Tuesday, October 4, 2011

Modnik Recap-Cultural Diagnostic questions

This is the 2nd part of my update for our recent youth retreat on Kingdom and Culture. The first can be found here. Since these principles seemed too good to not share with parents, or much less anyone of any age, I felt compelled to put them on the blog.

In our Saturday morning session, David Grant gave us some helpful diagnostic questions to ask while watching TV, movies, or listening to music. I appreciated the fact that he did not say, "You should watch this show and shouldn't watch that show." He exclaimed, "What you watch is between you and your parents." David instead challenged the youth how to watch shows. Provided they are faithful to ask these questions, as are the parents, it should open the door to stop watching certain shows which may be negatively transformational. 

Here are his five questions, and my thoughts (which may be the same as his) are in italics. He reminded the youth that they are being taught something. Movies and TV shows and music have SOMETHING to say. Figure it out or you'll end up being taught without realizing it.

1.)  Did you enjoy it? Why did you like it or not? This is a great question for parents to ask to find out why people connect to certain shows or movies. There is a reason why so many young girls like Twilight. Consider the why if you want to begin thinking critically.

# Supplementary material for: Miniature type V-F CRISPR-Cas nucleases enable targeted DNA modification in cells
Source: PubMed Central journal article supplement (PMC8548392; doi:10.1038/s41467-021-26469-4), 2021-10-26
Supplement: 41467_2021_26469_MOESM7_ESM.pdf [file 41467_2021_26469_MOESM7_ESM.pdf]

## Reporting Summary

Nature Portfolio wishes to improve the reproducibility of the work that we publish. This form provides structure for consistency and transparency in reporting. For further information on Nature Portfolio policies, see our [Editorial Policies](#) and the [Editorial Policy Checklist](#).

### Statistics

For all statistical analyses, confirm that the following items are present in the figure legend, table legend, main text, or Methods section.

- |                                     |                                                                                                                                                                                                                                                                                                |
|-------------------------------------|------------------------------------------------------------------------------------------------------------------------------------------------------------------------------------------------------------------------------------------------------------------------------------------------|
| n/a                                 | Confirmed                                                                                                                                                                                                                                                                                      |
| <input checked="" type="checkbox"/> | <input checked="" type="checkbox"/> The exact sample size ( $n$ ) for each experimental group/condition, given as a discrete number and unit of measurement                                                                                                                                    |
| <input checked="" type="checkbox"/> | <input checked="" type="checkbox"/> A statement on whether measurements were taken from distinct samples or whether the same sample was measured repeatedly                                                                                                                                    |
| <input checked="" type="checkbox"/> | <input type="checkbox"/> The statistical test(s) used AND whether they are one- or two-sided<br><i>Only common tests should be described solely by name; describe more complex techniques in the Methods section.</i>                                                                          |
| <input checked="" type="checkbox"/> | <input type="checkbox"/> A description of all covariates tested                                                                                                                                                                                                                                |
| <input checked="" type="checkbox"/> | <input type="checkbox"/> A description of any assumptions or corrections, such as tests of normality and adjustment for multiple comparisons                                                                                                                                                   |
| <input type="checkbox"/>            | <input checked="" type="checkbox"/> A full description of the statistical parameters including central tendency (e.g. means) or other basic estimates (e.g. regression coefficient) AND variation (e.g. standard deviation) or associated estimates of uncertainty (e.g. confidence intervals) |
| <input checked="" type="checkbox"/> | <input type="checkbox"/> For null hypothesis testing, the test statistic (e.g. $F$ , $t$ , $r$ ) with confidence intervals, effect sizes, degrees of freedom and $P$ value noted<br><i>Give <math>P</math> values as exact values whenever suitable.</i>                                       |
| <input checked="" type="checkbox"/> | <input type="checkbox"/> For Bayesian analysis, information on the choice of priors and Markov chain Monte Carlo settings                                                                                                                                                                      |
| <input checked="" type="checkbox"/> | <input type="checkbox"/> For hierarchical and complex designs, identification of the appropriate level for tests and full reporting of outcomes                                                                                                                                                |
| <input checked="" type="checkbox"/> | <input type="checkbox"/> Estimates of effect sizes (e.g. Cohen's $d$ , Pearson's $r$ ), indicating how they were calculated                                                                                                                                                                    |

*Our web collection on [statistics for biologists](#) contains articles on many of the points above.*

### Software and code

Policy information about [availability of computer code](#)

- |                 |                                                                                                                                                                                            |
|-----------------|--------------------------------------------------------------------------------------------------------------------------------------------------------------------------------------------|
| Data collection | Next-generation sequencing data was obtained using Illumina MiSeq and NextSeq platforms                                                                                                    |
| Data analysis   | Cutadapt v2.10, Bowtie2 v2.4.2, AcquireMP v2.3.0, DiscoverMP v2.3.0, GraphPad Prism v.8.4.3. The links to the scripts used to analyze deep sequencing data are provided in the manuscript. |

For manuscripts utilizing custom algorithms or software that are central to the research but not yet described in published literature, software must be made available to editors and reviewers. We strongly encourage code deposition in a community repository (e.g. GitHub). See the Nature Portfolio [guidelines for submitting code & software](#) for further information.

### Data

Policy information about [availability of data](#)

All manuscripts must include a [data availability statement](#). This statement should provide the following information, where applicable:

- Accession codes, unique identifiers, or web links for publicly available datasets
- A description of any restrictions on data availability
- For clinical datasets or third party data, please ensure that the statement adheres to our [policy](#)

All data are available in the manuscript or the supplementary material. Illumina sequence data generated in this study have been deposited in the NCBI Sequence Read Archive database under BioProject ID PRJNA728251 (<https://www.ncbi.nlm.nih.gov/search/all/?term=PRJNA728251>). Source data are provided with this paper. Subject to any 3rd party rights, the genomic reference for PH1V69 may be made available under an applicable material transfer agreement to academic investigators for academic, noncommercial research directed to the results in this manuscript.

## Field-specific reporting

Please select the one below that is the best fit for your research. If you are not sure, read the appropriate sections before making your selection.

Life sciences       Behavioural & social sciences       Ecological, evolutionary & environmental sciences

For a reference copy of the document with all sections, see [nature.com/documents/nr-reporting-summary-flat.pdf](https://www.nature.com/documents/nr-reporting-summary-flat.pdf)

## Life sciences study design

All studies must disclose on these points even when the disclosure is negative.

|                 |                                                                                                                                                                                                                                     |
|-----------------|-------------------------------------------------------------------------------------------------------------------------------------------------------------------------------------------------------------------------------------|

2.) What did it say about Authority? How were authority figures depicted? Parents, police, government, bosses, etc.....

3.) What did it say about Morality? What kind of morality was being promoted? Immorality? Legalism? Amorality?

4.)  What did it say about God? God may or may not by name be mentioned. But you can discern the worldview, and how God does or doesn't fit into the characters dialog or directors arrangement.

5.)  Where can you see the "finger prints" of God? If you look hard, you can see aspects of God's "finger prints" in movies and TV shows. Because we are all made in the image of God, we should be able to see something commendable in all movies. Sometimes it can be very clear as in the gospel illustration at the end of Gran Torino or the beautiful love a parent places on her child immediately upon birth in The Waitress.

My take on parent possibilities:

Parents have the responsibility to determine what each child can correctly and biblically filter. That filter needs developing in all of us. Middle Schoolers don't need to watch Jersey Shore. Of course, no one probably does, but that is of course, my own opinion. 

Nevertheless since parents are ultimately responsible for training their children, watching movies and TV shows with them NOW-even ones that might not be faith based-might be the best way to train them to watch movies and TV shows when they leave your house THEN. If your kids are watching movies, watch them WITH them. At the very least, you need to be asking questions of the movies and TV shows. They won't always have you telling them "you can or can't watch this or that," but if you've helped them develop some sort of diagnostic filter, they can turn movies, TV, and music into devotional and teaching moments for themselves and their friends. And many times, because they have such working filters, they may decide beforehand, "This movie or show isn't worth my time."

In some ways, the movies both reflect and shape culture. But as Christians, we can through these same movies begin to be shapers of culture, instead of simply reflectors and consumers. One person at a time.

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